A handsome 1830s building
The historic Todd County Courthouse sets on the town square in Elkton, Kentucky. It was built in 1835-1836 to replace a smaller courthouse, built in 1821.
This structure served as the seat of county government for the next 140 years, until a new, one-story courthouse was built in 1975-1976.
Near the end of the Civil War (1865), the Todd County Courthouse was occupied by Union forces. They left the building in a damaged state, and a major renovation was carried out in 1871. The cupola was added at that time.
Ironically, the occupation of the courthouse probably saved it from being burned. Confederate General Hylan B. Lyon torched 7 courthouses in Western Kentucky to prevent them from falling into Union hands, including the courthouses of Christian, Trigg, and Caldwell counties, just west of Todd County.
The Wikipedia entry for the old Todd County Courthouse says that the cupola was originally painted orange, olive green, and beige. Wow.
The old courthouse was placed on the National Register of Historic Places in 1975. Many other fine old buildings surround the courthouse square. They were added to the National Register in 1989 as the "Elkton Commercial Historic District."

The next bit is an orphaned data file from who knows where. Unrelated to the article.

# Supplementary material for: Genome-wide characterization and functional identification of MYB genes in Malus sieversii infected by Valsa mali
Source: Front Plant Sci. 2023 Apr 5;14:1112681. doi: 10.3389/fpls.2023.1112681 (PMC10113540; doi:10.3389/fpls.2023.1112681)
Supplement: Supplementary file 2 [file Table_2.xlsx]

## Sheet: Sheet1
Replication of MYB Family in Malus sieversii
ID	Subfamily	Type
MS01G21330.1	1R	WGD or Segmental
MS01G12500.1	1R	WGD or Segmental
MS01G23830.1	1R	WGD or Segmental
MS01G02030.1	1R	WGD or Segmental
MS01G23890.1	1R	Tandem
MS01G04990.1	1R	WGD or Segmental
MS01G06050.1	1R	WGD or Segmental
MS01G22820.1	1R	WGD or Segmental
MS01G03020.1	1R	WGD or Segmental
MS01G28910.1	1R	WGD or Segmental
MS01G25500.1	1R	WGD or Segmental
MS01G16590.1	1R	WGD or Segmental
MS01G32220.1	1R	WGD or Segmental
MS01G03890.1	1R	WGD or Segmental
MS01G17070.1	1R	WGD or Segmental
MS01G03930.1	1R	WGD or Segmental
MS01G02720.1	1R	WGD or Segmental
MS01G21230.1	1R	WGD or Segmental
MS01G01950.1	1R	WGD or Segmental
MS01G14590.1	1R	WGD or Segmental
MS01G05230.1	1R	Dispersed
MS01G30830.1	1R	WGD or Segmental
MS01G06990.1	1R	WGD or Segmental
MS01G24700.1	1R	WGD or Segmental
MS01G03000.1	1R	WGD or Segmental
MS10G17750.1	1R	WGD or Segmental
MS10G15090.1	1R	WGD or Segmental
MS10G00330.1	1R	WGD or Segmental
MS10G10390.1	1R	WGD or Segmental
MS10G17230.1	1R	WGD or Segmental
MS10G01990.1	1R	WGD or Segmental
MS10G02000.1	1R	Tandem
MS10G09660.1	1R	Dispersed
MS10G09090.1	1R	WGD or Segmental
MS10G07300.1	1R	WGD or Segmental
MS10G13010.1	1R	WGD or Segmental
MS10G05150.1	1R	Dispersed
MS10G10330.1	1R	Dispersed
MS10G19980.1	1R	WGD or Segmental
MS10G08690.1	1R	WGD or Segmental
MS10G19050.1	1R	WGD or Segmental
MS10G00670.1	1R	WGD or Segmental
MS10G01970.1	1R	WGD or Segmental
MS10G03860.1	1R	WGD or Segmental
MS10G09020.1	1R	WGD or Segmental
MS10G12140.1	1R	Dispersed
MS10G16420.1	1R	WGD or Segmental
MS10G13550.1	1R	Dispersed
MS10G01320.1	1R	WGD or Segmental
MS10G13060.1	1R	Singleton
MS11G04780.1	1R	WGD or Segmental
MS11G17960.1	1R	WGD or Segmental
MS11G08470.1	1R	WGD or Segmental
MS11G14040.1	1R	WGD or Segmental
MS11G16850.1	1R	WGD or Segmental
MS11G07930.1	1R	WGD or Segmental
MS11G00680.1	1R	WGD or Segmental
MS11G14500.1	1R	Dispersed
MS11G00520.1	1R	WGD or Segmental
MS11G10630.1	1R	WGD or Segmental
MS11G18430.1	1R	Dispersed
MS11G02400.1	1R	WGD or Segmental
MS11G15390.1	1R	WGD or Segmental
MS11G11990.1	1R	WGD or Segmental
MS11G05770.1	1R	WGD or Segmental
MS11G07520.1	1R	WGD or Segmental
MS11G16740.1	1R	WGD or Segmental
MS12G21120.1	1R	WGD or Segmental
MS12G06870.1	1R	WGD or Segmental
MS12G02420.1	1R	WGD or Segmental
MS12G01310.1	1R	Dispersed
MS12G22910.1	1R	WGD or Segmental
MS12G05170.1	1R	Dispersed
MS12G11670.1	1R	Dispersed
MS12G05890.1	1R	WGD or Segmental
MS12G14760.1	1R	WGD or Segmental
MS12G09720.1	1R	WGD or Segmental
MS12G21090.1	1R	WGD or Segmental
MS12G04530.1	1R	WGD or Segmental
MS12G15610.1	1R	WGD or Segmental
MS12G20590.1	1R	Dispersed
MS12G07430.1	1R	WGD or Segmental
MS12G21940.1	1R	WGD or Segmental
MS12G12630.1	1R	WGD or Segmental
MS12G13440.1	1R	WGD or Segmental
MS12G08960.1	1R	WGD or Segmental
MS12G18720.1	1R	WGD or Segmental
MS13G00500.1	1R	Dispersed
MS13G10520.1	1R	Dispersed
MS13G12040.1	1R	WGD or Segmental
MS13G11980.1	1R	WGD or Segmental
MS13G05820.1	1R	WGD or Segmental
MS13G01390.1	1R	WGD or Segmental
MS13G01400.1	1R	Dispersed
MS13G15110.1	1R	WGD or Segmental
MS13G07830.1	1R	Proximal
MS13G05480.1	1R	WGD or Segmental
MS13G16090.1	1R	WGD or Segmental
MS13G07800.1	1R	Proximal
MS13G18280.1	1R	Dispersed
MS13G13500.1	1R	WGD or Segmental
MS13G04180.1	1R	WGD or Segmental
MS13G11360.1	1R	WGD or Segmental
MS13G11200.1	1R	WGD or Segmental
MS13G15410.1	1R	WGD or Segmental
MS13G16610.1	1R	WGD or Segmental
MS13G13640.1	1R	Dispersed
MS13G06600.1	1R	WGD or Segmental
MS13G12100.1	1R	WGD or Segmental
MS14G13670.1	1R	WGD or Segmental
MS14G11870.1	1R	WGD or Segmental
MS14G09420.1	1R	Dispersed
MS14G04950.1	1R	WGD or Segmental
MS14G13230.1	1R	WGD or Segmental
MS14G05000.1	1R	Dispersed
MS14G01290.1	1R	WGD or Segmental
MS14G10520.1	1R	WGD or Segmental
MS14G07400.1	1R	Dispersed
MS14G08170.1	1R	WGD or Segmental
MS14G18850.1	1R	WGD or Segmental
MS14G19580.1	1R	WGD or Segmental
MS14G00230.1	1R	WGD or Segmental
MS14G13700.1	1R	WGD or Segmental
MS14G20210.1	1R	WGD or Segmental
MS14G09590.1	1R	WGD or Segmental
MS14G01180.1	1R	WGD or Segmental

Photos of the interior of the old courthouse appear at the Old Courthouse Preservation Project webpage. The October, 2006, minutes of the Elkton City Council state that a museum is planned for the second floor of the building, and a Welcome Center is planned for the first floor.
I admire Elkton and Todd County for choosing to preserve their old buildings rather than demolish them. Downtown Elkton has its own unique atmosphere, and the old Todd County Courthouse is its jewel.
Most of the historic information in this post comes from two great books about Kentucky:
- John W. Carpenter's Kentucky Courthouses by John W. Carpenter & William B. Scott, Jr. (Copyright 1988 by John W. Carpenter and William B. Scott, Jr. and published by John W. Carpenter, London KY.)
- The Kentucky Encyclopedia, edited by John E. Kleeber. (Copyright 1992 by the University Press of Kentucky, Lexington.)